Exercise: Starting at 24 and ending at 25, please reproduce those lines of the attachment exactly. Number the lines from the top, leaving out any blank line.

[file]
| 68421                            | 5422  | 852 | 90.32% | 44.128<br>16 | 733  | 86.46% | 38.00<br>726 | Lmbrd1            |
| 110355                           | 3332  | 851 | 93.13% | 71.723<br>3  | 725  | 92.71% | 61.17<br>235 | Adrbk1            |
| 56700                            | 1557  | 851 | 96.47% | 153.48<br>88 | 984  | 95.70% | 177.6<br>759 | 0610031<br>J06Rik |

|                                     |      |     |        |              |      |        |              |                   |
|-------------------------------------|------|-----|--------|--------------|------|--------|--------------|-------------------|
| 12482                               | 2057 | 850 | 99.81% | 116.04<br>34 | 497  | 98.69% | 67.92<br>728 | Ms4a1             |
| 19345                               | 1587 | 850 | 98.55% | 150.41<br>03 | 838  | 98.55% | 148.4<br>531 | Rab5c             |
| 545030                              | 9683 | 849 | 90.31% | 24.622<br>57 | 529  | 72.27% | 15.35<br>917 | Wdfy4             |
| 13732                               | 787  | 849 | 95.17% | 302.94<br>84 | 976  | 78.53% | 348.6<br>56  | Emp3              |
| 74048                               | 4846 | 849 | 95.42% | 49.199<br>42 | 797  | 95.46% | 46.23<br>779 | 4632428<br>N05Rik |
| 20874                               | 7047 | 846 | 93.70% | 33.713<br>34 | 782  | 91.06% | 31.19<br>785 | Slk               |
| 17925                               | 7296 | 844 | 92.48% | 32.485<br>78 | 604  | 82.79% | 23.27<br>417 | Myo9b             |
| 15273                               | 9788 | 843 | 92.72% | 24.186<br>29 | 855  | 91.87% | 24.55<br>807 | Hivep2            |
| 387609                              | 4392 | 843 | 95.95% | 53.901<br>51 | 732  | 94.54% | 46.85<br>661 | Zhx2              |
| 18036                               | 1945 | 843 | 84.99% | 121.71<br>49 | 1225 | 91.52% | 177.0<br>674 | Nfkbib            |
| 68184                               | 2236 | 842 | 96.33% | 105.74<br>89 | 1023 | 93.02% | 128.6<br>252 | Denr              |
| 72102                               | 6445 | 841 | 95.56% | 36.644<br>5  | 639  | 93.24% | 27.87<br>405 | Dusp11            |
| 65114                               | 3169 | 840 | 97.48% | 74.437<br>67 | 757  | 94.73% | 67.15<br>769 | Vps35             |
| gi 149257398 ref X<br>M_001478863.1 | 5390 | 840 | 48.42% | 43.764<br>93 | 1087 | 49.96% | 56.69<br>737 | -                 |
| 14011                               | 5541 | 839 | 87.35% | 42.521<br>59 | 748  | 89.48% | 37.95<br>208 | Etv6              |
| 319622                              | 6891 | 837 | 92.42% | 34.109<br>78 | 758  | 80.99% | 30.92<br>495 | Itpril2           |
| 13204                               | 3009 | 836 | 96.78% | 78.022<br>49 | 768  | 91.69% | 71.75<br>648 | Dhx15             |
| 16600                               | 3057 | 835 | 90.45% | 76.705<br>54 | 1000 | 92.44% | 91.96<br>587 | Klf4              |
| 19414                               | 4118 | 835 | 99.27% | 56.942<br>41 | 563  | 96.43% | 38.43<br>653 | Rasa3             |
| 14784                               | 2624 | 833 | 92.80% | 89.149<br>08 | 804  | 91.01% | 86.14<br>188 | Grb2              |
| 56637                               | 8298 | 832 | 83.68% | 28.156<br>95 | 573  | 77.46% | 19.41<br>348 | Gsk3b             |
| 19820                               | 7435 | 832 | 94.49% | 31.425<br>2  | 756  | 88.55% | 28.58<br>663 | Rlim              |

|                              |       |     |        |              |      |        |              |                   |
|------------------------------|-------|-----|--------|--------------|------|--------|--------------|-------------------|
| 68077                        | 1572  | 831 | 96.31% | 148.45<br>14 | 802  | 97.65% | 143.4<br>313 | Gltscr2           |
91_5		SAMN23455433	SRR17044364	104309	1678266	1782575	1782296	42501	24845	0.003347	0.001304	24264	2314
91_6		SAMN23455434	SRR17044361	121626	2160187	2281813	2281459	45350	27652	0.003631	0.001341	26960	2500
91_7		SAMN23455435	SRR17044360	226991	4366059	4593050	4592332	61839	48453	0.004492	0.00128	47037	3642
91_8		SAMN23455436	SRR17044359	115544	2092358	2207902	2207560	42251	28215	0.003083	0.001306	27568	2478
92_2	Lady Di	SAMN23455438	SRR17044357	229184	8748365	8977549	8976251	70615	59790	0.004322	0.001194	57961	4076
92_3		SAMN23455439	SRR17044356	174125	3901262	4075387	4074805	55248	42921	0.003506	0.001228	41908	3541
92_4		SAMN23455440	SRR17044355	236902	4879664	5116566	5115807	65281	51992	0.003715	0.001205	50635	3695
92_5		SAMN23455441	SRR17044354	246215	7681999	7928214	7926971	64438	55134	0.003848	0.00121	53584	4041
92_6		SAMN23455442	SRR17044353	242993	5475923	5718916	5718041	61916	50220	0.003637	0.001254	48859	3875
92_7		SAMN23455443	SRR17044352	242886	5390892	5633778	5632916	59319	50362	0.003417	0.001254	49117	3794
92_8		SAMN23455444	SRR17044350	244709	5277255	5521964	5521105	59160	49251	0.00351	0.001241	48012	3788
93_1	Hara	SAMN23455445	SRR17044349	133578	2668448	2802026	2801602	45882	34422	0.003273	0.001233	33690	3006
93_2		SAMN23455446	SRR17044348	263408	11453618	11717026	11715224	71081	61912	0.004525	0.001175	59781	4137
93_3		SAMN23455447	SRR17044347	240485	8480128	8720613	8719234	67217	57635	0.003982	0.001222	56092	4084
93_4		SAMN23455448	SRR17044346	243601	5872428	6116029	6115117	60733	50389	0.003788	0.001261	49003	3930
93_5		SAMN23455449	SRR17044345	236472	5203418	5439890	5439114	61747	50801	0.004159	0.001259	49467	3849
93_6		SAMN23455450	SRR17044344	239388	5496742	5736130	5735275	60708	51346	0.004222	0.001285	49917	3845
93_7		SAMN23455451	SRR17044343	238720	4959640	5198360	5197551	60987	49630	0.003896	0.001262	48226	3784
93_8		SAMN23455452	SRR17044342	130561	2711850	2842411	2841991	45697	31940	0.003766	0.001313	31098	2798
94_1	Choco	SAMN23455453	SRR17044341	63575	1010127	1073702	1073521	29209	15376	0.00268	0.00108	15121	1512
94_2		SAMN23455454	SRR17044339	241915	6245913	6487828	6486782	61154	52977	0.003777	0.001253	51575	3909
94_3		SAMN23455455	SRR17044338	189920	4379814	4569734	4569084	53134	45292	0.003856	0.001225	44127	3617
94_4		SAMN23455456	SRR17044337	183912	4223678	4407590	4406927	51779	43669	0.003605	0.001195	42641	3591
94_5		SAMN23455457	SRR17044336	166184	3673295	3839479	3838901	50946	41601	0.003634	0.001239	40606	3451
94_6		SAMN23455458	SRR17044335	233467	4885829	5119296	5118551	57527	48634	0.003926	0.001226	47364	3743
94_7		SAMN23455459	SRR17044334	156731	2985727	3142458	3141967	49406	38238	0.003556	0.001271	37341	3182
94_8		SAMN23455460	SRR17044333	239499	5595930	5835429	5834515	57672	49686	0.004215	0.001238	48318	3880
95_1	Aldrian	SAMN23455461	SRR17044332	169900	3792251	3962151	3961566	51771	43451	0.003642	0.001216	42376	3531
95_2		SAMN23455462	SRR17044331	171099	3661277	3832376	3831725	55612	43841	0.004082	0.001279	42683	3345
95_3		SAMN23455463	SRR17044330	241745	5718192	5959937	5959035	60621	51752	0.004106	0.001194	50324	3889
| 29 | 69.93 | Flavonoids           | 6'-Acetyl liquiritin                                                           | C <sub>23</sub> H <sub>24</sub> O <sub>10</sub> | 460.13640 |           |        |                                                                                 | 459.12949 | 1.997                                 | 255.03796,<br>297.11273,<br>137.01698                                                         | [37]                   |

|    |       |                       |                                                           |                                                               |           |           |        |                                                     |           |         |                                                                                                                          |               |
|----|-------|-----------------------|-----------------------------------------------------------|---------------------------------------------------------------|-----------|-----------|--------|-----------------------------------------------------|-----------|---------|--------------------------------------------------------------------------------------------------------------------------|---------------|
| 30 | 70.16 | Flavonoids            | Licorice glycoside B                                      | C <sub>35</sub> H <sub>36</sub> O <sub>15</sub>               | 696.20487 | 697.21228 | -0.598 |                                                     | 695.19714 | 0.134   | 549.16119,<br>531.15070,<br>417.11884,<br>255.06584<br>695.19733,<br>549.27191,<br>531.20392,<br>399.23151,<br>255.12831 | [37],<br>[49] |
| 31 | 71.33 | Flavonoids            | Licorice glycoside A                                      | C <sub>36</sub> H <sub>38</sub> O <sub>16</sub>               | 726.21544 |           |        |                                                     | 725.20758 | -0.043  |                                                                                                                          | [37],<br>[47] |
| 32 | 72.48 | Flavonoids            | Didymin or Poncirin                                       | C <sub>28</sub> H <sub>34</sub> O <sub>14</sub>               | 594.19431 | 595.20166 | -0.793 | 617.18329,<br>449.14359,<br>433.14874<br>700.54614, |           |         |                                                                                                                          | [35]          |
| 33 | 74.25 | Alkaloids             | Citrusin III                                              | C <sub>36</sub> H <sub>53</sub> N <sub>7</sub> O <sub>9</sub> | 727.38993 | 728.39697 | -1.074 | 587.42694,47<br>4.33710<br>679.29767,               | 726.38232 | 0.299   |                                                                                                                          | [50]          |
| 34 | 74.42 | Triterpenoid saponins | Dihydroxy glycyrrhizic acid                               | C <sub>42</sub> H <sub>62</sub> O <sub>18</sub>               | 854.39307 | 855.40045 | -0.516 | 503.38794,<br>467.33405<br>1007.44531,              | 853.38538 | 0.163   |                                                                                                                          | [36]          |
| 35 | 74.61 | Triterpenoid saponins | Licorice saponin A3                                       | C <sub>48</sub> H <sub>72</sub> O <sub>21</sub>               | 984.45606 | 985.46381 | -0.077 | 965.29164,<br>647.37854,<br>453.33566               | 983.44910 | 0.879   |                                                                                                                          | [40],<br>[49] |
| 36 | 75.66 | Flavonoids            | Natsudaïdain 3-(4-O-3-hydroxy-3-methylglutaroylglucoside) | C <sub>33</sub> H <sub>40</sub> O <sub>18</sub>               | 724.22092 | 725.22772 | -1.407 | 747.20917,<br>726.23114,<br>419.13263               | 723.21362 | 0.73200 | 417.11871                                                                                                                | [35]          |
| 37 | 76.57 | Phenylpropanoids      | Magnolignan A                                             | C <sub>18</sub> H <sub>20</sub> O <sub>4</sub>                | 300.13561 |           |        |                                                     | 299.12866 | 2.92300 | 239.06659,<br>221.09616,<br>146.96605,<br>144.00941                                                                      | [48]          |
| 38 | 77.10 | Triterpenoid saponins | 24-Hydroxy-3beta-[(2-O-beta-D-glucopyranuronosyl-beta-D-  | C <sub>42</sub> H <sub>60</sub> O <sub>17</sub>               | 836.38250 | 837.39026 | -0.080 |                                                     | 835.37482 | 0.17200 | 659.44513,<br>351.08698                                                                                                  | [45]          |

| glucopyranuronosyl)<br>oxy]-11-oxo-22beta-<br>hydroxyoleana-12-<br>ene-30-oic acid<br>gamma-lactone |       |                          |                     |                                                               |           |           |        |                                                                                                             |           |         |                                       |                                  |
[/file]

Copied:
| 19414                               | 4118 | 835 | 99.27% | 56.942<br>41 | 563  | 96.43% | 38.43<br>653 | Rasa3             |
| 14784                               | 2624 | 833 | 92.80% | 89.149<br>08 | 804  | 91.01% | 86.14<br>188 | Grb2              |